The Climate Around and Within You: Environment, Epigenetics and Genetics Exploring Allergic Rhinitis

Sahana Kashyap

Today, many people find a safe haven in their homes. It is a trusted climate, especially following the pandemic years, where one’s well-being was seemingly ensured by avoiding exposure to external infections. However, the world now faces a different avenue of health concerns. As the hygiene hypothesis elucidates, there is a transition from infectious disease to allergies and auto-immune disorders. This new domain often has underlying genetic causes, and is influenced by environmental conditions. Individuals with sensitivity to different allergic reactions have especially felt such an impact. About 400 million people suffer from one such reaction affecting the nasal cavity, known as Allergic Rhinitis (AR) today. Their health condition, or the climate within them, is influenced by the climate around them.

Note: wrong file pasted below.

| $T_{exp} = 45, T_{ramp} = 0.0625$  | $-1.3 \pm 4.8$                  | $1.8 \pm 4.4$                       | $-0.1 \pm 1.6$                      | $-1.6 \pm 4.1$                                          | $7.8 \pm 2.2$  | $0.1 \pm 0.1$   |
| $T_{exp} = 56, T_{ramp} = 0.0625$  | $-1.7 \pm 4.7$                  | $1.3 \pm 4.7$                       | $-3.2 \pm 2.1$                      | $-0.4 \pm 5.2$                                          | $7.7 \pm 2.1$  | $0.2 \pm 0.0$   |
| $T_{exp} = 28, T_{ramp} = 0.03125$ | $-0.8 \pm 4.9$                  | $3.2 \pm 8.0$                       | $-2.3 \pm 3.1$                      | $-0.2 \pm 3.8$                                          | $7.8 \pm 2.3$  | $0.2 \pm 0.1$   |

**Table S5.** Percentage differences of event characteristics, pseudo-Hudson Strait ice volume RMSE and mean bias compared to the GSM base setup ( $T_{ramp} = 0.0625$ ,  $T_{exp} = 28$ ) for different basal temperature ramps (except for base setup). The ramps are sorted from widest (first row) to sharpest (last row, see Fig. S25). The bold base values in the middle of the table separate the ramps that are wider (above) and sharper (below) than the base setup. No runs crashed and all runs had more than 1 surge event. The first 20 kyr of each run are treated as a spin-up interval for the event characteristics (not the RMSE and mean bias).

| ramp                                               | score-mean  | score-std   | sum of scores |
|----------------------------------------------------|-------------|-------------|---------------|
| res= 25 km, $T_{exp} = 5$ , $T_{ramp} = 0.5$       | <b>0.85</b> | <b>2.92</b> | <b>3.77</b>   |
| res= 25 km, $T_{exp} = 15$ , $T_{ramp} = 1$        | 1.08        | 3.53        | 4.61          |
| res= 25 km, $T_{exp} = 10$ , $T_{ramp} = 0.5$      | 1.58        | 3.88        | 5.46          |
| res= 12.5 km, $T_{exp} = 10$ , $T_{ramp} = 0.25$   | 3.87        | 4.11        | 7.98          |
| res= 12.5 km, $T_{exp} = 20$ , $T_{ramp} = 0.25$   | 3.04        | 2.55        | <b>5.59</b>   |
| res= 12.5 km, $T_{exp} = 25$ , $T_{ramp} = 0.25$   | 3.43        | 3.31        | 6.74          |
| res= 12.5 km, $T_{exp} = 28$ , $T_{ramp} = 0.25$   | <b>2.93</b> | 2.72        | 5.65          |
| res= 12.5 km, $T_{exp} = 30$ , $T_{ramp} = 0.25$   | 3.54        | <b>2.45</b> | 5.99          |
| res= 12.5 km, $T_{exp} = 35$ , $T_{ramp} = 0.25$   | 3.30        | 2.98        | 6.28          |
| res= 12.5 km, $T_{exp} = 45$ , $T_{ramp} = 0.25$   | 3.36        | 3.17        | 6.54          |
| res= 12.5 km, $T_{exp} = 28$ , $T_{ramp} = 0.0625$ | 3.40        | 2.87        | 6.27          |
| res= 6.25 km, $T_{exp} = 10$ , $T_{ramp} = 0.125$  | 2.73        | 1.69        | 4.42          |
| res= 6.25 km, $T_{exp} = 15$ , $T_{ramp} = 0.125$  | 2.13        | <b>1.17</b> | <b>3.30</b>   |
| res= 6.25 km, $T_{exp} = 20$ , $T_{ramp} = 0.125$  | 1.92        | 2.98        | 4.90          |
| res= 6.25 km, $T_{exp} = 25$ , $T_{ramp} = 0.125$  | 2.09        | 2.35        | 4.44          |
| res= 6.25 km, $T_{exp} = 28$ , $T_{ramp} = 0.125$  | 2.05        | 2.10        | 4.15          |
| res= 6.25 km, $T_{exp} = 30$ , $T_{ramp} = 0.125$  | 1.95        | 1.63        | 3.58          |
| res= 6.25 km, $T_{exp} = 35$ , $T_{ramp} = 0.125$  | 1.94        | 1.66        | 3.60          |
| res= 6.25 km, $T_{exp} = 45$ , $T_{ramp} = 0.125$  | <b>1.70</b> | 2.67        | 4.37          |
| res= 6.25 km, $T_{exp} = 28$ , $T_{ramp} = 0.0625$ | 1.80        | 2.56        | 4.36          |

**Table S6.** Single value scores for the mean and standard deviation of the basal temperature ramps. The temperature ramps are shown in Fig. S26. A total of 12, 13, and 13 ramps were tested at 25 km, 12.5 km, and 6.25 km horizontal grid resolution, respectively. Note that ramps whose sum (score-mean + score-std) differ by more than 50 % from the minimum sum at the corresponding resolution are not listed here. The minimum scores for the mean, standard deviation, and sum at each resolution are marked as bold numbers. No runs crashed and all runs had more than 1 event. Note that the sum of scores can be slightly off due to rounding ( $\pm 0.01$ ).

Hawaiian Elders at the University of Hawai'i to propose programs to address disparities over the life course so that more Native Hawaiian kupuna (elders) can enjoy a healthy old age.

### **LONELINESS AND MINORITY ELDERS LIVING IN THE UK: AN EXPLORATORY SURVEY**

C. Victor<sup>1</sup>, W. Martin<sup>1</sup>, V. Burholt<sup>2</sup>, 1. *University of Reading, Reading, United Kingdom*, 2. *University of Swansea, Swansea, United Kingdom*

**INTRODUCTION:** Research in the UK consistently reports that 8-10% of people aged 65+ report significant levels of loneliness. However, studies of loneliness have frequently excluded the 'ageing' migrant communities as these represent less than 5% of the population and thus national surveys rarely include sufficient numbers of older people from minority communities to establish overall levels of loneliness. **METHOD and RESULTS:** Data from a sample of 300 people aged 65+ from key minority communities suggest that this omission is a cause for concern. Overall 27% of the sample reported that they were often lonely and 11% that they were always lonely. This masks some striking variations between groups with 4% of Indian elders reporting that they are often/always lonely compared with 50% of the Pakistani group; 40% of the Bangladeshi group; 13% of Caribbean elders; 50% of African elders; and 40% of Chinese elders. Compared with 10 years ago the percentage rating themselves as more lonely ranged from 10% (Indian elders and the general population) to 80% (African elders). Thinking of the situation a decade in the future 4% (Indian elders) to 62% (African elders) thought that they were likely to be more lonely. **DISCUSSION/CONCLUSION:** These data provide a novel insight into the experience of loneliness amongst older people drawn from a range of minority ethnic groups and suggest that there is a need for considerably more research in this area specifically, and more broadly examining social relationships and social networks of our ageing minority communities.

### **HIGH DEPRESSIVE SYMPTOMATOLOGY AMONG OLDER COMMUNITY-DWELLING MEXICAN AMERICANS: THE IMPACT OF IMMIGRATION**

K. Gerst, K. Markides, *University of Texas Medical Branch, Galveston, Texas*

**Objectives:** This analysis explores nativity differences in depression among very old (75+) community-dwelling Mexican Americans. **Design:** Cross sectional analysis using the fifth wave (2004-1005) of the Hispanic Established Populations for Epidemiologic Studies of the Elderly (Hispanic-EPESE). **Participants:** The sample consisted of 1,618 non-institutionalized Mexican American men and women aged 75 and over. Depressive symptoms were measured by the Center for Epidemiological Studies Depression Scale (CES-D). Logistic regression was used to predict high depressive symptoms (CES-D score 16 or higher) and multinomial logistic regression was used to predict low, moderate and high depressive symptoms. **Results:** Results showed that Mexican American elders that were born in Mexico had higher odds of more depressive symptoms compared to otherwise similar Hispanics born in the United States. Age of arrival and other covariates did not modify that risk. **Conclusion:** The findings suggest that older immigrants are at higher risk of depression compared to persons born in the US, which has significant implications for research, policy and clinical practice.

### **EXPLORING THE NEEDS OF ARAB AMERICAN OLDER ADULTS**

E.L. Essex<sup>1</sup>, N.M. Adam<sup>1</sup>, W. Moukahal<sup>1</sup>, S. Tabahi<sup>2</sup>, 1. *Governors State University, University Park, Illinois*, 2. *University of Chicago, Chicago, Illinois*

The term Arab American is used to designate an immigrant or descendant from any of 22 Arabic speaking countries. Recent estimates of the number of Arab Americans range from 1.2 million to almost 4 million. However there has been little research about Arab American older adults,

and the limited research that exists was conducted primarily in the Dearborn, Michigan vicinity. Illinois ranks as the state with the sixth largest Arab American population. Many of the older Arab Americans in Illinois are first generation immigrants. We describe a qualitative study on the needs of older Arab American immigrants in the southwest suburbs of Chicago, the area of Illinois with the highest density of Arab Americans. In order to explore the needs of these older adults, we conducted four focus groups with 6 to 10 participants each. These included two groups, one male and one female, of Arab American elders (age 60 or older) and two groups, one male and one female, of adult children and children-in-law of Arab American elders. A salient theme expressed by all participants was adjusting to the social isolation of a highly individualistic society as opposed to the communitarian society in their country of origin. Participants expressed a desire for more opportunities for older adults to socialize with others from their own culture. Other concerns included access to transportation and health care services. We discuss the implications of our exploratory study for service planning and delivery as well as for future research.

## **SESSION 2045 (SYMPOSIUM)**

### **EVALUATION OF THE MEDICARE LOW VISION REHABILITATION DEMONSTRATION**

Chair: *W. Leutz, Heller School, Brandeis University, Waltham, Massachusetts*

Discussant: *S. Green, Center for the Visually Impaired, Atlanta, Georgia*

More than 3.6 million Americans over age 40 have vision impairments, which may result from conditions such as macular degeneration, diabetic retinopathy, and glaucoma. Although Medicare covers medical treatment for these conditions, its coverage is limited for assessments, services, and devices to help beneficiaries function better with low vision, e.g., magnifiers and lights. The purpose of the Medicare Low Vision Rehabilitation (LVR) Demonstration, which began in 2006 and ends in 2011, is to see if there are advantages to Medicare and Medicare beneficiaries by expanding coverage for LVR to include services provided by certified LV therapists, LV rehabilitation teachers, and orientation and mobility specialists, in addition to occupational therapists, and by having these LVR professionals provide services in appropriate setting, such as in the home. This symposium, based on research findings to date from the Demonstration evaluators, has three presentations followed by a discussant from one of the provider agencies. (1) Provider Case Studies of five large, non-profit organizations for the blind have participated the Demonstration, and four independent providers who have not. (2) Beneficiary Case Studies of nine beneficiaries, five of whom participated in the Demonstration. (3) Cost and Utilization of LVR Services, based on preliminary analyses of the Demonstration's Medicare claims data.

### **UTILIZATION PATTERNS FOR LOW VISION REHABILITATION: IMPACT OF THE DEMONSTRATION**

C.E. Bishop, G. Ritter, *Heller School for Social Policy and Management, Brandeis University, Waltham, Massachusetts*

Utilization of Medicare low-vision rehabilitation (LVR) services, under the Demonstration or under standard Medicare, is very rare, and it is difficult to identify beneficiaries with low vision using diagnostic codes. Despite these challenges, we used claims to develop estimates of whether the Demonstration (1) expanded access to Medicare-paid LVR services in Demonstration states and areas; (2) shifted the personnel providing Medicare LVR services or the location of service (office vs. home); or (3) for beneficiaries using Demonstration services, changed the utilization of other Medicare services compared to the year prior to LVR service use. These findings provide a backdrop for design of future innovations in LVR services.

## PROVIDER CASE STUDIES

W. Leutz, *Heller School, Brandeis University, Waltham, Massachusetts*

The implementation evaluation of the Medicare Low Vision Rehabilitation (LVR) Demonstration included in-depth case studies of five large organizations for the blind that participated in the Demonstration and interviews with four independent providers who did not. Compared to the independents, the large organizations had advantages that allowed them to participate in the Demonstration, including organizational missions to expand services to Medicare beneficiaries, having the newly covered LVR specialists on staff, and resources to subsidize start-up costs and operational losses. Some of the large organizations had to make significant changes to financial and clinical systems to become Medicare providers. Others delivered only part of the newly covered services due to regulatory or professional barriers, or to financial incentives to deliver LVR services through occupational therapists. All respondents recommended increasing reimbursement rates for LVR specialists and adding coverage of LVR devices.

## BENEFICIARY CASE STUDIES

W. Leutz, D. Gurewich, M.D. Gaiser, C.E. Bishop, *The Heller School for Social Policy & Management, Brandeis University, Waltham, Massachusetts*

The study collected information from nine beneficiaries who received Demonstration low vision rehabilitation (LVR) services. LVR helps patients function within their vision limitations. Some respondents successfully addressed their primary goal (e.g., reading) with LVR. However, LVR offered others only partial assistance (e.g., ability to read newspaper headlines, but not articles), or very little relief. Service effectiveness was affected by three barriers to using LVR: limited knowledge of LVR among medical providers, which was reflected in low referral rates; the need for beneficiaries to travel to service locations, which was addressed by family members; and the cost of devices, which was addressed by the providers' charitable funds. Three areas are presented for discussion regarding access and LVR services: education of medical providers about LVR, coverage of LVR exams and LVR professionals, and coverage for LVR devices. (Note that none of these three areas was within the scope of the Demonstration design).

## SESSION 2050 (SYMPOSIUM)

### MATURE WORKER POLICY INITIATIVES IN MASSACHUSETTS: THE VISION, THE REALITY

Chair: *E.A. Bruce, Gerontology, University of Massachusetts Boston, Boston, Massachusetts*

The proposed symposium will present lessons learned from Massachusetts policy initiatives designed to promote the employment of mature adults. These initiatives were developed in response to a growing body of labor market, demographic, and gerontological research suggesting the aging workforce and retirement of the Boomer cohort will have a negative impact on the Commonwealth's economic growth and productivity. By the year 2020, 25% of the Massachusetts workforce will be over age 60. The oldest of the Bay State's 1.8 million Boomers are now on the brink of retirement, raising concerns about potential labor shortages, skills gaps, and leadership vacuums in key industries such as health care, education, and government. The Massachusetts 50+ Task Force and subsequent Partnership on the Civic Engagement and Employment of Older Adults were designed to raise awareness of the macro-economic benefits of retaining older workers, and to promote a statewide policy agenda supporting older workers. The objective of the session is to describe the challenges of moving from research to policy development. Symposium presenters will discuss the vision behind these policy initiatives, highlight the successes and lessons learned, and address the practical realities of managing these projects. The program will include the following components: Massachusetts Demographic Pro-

In certain individuals, the body’s immune system overreacts to a typically harmless substance called an allergen, leading to a specific homeostatic imbalance known as an allergic reaction. Such individuals are most likely atopic, meaning that they are genetically predisposed to an allergic reaction due to these allergens. Allergens are a specific kind of antigen, or foreign substance, which triggers an immune response resulting in the production of antibodies: specific proteins that the body produces for protection from infections. Allergens, upon coming in contact with the skin, nose, eyes, and respiratory tract or gastrointestinal tract, elicit the response of a specific antibody, Immunoglobulin E (IgE). Some examples of allergens include pollen, latex, mold, pet dander, dust mites and smoke, and each individual, if susceptible to reactions, has an immune system that is sensitive to different allergens. Allergic Rhinitis (AR) is a specific allergic reaction with inflammation of the nasal mucosa as the primary symptom. It can be seasonal, perennial, or occupational and accompanied by other complications.